Depending on which board you test with, these supplementary exams can have a dramatic impact on your overall grade. To break it down:
Trinity’s exam weighs your performance as 66% of your overall score with supplementals accounting for 34%. while ABRSM and London College of Music make it an even 60/40 split, with your performance accounting for the higher value.
If that were all the insider knowledge you needed, choosing your exam board would be easy… but you should also know which board offers which exams.
London College of Music supplementary tests are made up of ‘viva voce’, sight-reading, aural and technical work or study. You must also offer Vaccai exercises and an unaccompanied folk or traditional song.
ABRSM tests you on scales and arpeggios (and/or broken chords), sight-reading and aural. You will also perform one song unaccompanied.
Trinity’s requirements break along grades. If you are testing at Grades 1-5, you will test in two of these four categories: musical knowledge, improvisation, sight-reading and aural. If you’re at Grades 6-8, you must sight-read but get to choose between aural or improvisation.
They also require you to sing an unaccompanied folk song and offer Vaccai exercises or vocal exercises.
How to Achieve Distinction
In the UK, singing exams are rigorous – not out of any particular meanness on the part of the exam boards, nor are they meant to discourage anyone from becoming the best vocalist and musician they can be.
The point of these exams is refining the musical outcome without putting undue emphasis on the technical means of achieving it.
Exam boards apply universal criteria in their assessments rather than instrument-specific mandates. No matter what your instrument is, piano, flute, guitar or your voice, you will be awarded marks based on what you bring to the concert hall, not whether your music-making implement is popular or in high demand.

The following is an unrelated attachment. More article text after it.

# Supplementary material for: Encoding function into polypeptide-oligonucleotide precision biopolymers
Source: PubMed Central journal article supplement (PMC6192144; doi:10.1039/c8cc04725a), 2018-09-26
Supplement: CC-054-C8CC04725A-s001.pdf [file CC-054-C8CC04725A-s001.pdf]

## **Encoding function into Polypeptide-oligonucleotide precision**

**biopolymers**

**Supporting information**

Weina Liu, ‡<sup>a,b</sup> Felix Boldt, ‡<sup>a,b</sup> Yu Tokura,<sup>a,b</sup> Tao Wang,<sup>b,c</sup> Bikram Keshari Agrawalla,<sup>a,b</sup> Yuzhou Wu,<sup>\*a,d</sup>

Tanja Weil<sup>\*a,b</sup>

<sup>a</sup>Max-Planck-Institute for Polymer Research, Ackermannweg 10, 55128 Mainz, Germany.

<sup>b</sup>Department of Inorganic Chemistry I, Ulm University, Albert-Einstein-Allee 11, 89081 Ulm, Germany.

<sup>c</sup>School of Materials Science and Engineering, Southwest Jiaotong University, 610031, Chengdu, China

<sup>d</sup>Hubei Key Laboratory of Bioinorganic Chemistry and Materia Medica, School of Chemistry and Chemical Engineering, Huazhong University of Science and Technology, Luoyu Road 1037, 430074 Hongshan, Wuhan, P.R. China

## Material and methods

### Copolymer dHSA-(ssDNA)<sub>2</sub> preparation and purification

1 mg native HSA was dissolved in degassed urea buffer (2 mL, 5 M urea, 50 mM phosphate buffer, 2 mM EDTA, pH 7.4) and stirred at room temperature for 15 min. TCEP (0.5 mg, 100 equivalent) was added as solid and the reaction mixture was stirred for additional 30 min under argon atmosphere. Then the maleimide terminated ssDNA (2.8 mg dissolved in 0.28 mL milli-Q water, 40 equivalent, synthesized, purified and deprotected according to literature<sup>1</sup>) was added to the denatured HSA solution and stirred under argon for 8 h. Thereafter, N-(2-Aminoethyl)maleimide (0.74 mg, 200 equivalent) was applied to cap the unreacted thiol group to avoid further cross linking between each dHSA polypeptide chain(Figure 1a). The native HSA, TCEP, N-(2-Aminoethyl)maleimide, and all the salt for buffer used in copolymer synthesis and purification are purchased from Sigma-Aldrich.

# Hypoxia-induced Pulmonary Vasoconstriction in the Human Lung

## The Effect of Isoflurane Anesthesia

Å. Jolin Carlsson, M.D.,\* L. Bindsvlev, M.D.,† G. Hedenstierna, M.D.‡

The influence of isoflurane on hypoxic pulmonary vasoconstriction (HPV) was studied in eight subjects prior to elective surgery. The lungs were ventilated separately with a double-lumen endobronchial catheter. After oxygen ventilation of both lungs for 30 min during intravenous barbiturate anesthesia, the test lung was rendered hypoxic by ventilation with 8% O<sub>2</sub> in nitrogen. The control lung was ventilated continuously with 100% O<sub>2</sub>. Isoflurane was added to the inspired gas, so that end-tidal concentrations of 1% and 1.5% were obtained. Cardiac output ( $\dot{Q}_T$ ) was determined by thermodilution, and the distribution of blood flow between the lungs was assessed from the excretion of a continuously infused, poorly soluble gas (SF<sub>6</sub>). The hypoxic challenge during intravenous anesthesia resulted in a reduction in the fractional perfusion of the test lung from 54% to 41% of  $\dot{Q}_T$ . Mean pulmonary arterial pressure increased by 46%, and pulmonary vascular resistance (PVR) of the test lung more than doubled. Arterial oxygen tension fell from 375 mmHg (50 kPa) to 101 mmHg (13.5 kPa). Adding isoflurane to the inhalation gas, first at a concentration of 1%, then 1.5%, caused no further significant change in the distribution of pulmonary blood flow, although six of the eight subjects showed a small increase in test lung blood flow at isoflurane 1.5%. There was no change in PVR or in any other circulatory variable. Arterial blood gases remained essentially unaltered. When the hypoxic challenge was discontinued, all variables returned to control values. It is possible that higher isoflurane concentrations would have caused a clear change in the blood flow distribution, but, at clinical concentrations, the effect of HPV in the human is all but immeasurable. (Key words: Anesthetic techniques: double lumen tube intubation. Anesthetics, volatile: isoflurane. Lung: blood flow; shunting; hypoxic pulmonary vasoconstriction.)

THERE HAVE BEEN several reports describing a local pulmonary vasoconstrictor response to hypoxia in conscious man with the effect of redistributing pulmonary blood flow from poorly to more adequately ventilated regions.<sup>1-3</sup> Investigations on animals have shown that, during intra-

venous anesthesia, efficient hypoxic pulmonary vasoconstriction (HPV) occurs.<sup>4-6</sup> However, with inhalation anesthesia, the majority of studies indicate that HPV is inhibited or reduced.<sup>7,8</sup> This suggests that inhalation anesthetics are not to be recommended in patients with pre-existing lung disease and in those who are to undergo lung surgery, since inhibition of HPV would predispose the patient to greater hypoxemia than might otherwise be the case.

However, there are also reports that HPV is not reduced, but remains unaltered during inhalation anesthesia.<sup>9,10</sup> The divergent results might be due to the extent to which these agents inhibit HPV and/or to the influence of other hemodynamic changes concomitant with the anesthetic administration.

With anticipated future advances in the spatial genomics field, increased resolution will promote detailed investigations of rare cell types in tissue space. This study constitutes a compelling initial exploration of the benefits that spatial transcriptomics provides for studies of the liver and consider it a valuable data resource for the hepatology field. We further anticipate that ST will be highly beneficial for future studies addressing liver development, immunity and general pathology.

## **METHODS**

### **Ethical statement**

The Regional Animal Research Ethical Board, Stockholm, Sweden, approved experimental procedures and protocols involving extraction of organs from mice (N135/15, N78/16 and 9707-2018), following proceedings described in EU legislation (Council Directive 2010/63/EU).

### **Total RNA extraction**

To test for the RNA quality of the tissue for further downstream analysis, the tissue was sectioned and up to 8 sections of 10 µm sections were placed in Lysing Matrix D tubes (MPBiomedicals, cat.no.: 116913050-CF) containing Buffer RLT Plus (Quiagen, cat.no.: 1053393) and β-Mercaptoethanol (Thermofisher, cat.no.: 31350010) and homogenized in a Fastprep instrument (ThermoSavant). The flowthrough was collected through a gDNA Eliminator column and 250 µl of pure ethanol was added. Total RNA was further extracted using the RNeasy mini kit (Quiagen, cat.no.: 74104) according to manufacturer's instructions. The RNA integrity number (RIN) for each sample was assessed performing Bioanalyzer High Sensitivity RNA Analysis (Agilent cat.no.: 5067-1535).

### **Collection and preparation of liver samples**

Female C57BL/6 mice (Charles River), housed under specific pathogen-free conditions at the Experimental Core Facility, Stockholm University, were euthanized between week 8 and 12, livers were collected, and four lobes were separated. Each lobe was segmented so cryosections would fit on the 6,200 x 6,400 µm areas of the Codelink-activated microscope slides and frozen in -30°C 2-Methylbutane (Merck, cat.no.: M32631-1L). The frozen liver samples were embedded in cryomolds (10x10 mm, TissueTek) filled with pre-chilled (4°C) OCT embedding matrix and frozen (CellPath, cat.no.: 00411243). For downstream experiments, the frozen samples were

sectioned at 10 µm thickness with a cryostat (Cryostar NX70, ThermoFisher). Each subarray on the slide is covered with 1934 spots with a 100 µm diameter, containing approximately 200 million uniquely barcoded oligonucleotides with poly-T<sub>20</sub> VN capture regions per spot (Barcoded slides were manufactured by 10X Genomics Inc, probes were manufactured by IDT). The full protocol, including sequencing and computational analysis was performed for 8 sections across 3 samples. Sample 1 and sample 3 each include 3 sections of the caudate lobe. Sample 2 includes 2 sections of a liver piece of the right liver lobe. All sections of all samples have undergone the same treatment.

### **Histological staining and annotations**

That rather begs the question: where does talent fit in?
If you happen to be blessed with perfect pitch and a musical ear, consider yourself fortunate; you might not have to work as hard as some to achieve your aim of making music for a living.
But again: the purpose of these exam boards is to level the playing field. A musical savant should have no greater advantage of acceptance into a conservatory than other candidates.
Besides, even the most exuberant of talents must be harnessed, restrained, focused and trained.
Being a natural-born singer, you might be tempted to overlook some aspects of music-making such as sight-reading and, while you may intuit different musical characteristics, you wouldn’t know what name to put to them or how to classify them.
These exams strive to ensure that everyone training in music has the same foundation. How you move forward is up to you.
The only way to gain distinction in singing is to persevere in your vocal training. Seek guidance from your voice coaches and music teachers and heed their advice even if you don’t think it applies to you right now.
And outside of your lessons, practise, practise, and practise some more.
Through your hard work and with the road map laid out for you, distinction in singing is within your reach!
Up next: how many singing grades are there in the UK?